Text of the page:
The funny thing is, the more I practice saying "YES!" the less terrifying it becomes! In fact, I have become quiet passionate about being open to God's will for my life. Slowly but surely, saying yes is becoming my first response.
You know how it goes though. . . just when you think you have it "figured out" God throws you a curve ball. (sigh)
I shared a few weeks ago that Chad and I have completed another home study, but beyond that I have chosen to keep any adoption related thoughts quiet. In truth, I have done that for a couple of reasons. First we are not totally sure what this next adoption may look like. We are open to many different things, and we are just hanging out trusting that God will open and close doors in accordance to His will. Secondly, I fear this (possible) addition will not be as eagerly anticipated by those around us as Joshua's was. (And do I have the strength to proceed when all the obvious reasons to NOT are pointed out - over and over?)
Saying yes to another (possible) adoption is both easier and harder than saying yes to Joshua's process. It is easier because it is not totally unfamiliar. We have been there/done that. Yet, that is the exact same reason that it is harder this time!
Just so you know, I do remember
- how hard the wait was.
- how long and intense the early bonding/attachment phase was.
- how much it cost - in time, financially, and emotionally.
- that I currently am a busy mom of 5.
- that it would make more "sense" to wait a couple years. Then Krissy will be in college and no one would have to share a room.
- the joy that Joshua brings to our home every day.
- God has provided everything we need just when we need it.
- how much I love being a mom.
- how my heart is broken for the fatherless.
- that God desires obedience when He calls.
Since then, God has thrown us a lot of "curve balls." (In fact for a few weeks in December, we thought we would have 2 more children by now!) But the crazy thing is, as we walk day by day saying "Yes, God! Our deepest desire is to serve you." my heart is peaceful.
That does not mean some days are not hard and heartbreaking.
Chad and I are very open to adopting our of birth order this time. And although we are willing to adopt domestically or internationally, we are drawn to adopting through the foster care system.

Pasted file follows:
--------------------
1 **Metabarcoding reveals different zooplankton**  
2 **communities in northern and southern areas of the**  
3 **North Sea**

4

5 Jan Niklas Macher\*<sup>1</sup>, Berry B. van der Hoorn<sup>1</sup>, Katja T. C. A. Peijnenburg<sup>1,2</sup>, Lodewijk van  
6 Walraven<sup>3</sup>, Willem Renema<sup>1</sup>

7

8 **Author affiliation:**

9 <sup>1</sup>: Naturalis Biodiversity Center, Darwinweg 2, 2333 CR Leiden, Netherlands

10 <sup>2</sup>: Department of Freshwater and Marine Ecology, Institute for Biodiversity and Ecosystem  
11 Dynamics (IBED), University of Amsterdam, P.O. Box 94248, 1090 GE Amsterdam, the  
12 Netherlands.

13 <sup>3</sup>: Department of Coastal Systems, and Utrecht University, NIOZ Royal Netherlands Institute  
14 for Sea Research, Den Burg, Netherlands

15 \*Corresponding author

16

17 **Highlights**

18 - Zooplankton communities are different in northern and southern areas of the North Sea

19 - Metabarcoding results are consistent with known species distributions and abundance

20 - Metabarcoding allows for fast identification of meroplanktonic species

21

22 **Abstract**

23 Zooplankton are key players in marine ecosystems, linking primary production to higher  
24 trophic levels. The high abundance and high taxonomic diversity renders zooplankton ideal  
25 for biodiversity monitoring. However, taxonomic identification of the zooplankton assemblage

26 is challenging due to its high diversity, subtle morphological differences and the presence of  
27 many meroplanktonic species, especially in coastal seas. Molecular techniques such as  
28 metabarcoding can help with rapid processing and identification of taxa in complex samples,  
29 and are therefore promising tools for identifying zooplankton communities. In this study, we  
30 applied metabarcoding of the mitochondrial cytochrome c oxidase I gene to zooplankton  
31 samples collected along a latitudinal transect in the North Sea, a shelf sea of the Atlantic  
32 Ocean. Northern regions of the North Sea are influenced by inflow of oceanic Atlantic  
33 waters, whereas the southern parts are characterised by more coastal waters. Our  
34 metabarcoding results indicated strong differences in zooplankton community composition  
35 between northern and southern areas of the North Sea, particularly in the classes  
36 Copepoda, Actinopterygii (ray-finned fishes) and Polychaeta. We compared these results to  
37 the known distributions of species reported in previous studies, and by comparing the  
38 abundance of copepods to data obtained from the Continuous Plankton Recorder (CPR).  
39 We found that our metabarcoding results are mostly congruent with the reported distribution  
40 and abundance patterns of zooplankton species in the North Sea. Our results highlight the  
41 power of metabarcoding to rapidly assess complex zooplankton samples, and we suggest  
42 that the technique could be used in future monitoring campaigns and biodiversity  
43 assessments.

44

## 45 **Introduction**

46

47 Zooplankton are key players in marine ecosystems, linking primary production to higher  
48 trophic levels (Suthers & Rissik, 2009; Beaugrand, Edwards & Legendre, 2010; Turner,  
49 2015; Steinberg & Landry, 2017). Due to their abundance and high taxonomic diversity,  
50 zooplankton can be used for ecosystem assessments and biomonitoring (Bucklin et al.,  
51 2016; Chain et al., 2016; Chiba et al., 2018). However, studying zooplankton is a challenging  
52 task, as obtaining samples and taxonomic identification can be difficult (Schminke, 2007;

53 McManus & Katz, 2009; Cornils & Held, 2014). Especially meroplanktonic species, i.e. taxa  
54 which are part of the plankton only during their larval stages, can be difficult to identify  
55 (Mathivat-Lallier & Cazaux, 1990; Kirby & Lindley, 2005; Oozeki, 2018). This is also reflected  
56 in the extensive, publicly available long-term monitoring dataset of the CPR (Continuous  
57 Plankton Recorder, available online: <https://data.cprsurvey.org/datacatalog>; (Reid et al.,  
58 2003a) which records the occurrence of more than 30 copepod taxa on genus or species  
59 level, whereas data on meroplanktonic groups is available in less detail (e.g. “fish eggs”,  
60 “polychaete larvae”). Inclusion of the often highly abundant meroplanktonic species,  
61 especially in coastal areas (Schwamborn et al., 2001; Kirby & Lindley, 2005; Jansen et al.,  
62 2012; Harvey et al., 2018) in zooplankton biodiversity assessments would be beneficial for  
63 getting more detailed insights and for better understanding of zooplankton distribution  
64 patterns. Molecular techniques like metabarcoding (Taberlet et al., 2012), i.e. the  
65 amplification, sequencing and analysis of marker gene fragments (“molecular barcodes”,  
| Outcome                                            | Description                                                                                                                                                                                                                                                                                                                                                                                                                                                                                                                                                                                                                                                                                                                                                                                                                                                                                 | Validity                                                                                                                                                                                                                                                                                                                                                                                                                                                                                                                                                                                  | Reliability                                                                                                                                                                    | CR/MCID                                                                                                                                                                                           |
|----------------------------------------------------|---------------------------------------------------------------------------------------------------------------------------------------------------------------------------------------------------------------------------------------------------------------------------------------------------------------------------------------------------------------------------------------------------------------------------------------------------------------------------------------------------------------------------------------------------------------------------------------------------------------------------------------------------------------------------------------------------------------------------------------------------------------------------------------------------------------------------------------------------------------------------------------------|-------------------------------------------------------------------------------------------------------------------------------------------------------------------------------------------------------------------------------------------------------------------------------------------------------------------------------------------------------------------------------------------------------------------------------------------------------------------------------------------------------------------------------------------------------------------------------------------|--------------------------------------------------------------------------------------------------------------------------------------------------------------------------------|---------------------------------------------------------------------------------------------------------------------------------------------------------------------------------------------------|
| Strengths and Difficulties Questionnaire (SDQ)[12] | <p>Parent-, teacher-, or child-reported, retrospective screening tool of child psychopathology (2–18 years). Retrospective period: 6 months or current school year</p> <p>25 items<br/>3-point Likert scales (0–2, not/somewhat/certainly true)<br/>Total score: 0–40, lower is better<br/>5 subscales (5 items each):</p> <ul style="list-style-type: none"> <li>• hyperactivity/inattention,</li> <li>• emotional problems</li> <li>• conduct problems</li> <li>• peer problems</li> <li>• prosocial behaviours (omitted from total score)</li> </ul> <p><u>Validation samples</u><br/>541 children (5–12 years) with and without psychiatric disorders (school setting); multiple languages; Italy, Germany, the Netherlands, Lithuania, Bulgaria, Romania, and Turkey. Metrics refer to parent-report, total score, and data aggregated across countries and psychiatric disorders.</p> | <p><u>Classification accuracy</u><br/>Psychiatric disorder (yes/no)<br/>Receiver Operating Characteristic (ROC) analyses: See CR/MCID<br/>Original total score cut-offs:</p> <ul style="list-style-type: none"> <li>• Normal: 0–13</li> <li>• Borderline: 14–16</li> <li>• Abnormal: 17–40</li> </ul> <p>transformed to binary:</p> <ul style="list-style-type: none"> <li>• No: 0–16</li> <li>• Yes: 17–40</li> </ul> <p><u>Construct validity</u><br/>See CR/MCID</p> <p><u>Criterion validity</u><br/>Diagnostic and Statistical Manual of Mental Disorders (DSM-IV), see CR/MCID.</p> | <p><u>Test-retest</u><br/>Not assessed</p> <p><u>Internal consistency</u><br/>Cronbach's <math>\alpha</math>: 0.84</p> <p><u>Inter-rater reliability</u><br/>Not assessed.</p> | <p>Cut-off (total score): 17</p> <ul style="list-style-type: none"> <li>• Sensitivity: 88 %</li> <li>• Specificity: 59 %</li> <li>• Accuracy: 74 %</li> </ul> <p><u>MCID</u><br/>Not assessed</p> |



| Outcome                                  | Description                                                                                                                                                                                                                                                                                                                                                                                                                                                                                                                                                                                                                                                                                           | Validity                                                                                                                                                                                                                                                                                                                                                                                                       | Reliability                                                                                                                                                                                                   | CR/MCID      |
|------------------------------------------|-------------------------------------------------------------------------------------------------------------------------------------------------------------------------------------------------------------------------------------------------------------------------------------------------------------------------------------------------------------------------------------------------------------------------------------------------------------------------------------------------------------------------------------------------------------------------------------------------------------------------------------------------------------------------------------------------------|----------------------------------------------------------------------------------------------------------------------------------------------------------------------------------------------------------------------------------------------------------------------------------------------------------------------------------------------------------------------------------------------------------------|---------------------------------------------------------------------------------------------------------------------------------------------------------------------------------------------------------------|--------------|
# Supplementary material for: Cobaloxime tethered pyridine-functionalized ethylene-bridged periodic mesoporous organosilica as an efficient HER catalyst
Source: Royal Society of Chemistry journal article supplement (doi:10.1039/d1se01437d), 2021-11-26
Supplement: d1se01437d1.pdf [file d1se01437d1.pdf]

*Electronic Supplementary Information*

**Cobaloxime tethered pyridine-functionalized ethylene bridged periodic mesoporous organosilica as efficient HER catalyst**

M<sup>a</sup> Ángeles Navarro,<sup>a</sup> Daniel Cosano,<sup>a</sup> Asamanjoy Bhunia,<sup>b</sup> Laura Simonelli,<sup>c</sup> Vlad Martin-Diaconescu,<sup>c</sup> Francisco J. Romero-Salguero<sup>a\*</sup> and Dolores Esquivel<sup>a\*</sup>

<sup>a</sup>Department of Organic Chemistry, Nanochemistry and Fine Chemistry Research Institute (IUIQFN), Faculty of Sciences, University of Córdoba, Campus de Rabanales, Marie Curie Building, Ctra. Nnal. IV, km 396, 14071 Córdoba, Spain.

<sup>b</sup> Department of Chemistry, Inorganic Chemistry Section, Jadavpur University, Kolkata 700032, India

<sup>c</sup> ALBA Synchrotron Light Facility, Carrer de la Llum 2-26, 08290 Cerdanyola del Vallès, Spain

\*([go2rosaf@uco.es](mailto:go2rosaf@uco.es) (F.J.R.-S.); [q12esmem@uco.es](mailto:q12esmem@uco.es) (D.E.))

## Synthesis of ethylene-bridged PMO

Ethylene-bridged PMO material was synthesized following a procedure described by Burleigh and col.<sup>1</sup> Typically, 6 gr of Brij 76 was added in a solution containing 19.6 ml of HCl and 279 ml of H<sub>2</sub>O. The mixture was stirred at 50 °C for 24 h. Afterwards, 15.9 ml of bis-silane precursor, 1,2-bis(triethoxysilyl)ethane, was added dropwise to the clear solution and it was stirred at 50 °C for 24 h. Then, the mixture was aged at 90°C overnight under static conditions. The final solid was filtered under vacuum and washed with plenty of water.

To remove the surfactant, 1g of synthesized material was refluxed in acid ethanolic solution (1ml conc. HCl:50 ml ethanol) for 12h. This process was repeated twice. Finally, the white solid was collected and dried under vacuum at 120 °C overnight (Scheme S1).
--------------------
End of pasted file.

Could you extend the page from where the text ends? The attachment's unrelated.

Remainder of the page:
And that is where the hard and heartbreak comes in.
Have you ever logged onto a website, praying that God will open the eyes of your heart to the child/children He has chosen for you?
Have you ever looked at those beautiful children's pictures, looked into their eyes, and read their profiles trying to decide if you could "handle" their "issues?"
Oh how it hurts my heart!
In my opinion, one of the limitations to adopting through the US foster care system, is ALL the information available. When you adopt internationally, you receive next to no information. You most likely receive a short medical report, a short social history, and some pictures. Then you say yes or no, trusting that God will set the right "lonely one" onto your family.
Children in the US foster care system come with a daunting amount of documentation. They come with labels, diagnosis, and treatment plans. They come with report after report after report. And each report is filled with heartbreak. Abuse. Neglect. Under-age mothers. Addicted fathers. A long string of care-givers. Many "behaviors."
It makes me want to vomit as I think about how much hurt and trauma children have endured.
What/who do we say yes to? What/who do say no to? How do I say no to a child? How do I say yes?
One day last week, our social worker sent me a report on some children and asked if I wanted any more information about them. What I read, I wish I could forget. But I also knew that although they were in desperate need of a family, they had more needs and deeper needs than we could deal with. So I emailed an apology to our social worker.
She responded with much grace and wisdom. She told me, "There is no shame in saying no to me, only in saying no to the Lord."
There is so much to learn from in that one sentence.
So, I continue to learn. I continue to seek His will.
In all things.